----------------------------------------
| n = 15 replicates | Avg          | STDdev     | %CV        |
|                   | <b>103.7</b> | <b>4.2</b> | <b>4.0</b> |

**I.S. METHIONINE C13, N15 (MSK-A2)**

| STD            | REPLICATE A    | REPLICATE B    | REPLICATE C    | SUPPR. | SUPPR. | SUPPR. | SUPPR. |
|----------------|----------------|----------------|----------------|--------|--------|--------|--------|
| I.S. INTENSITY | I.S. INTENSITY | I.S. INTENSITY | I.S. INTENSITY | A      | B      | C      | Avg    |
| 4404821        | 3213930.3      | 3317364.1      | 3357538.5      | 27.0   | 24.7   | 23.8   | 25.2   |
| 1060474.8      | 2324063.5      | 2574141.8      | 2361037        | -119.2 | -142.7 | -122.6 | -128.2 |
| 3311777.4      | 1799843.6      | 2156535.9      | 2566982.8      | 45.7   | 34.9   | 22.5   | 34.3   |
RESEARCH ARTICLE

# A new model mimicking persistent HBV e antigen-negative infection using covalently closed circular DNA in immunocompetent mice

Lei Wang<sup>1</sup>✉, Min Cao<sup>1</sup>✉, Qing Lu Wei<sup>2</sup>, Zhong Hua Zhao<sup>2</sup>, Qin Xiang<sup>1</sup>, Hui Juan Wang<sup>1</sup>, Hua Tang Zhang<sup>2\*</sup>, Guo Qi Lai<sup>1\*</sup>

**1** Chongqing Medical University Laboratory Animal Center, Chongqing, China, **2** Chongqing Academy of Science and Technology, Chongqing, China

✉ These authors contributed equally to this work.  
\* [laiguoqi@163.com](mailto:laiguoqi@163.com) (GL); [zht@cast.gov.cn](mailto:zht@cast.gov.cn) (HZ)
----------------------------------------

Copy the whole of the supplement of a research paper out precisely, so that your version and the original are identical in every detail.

| n = 15 replicates | Avg          | STDdev     | %CV        |
|                   | <b>103.7</b> | <b>4.2</b> | <b>4.0</b> |

**I.S. METHIONINE C13, N15 (MSK-A2)**

| STD            | REPLICATE A    | REPLICATE B    | REPLICATE C    | SUPPR. | SUPPR. | SUPPR. | SUPPR. |
|----------------|----------------|----------------|----------------|--------|--------|--------|--------|
| I.S. INTENSITY | I.S. INTENSITY | I.S. INTENSITY | I.S. INTENSITY | A      | B      | C      | Avg    |
| 4404821        | 3213930.3      | 3317364.1      | 3357538.5      | 27.0   | 24.7   | 23.8   | 25.2   |
| 1060474.8      | 2324063.5      | 2574141.8      | 2361037        | -119.2 | -142.7 | -122.6 | -128.2 |
| 3311777.4      | 1799843.6      | 2156535.9      | 2566982.8      | 45.7   | 34.9   | 22.5   | 34.3   |
RESEARCH ARTICLE

# A new model mimicking persistent HBV e antigen-negative infection using covalently closed circular DNA in immunocompetent mice

Lei Wang<sup>1</sup>✉, Min Cao<sup>1</sup>✉, Qing Lu Wei<sup>2</sup>, Zhong Hua Zhao<sup>2</sup>, Qin Xiang<sup>1</sup>, Hui Juan Wang<sup>1</sup>, Hua Tang Zhang<sup>2\*</sup>, Guo Qi Lai<sup>1\*</sup>

**1** Chongqing Medical University Laboratory Animal Center, Chongqing, China, **2** Chongqing Academy of Science and Technology, Chongqing, China

✉ These authors contributed equally to this work.  
\* [laiguoqi@163.com](mailto:laiguoqi@163.com) (GL); [zht@cast.gov.cn](mailto:zht@cast.gov.cn) (HZ)